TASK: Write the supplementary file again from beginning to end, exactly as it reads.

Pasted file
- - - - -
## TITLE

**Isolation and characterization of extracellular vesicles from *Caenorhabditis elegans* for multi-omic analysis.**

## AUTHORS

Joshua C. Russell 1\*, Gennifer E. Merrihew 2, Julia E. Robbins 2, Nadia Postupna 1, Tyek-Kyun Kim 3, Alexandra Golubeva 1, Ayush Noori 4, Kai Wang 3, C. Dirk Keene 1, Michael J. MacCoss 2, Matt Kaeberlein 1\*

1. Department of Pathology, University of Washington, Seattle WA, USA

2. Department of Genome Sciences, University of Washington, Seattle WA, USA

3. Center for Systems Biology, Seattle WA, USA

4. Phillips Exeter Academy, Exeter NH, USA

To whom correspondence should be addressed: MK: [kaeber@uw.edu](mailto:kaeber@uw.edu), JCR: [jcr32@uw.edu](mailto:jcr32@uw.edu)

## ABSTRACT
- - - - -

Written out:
## TITLE

**Isolation and characterization of extracellular vesicles from *Caenorhabditis elegans* for multi-omic analysis.**

## AUTHORS

Joshua C. Russell 1\*, Gennifer E. Merrihew 2, Julia E. Robbins 2, Nadia Postupna 1, Tyek-Kyun Kim 3, Alexandra Golubeva 1, Ayush Noori 4, Kai Wang 3, C. Dirk Keene 1, Michael J. MacCoss 2, Matt Kaeberlein 1\*

1. Department of Pathology, University of Washington, Seattle WA, USA

2. Department of Genome Sciences, University of Washington, Seattle WA, USA

3. Center for Systems Biology, Seattle WA, USA

4. Phillips Exeter Academy, Exeter NH, USA

To whom correspondence should be addressed: MK: [kaeber@uw.edu](mailto:kaeber@uw.edu), JCR: [jcr32@uw.edu](mailto:jcr32@uw.edu)

## ABSTRACT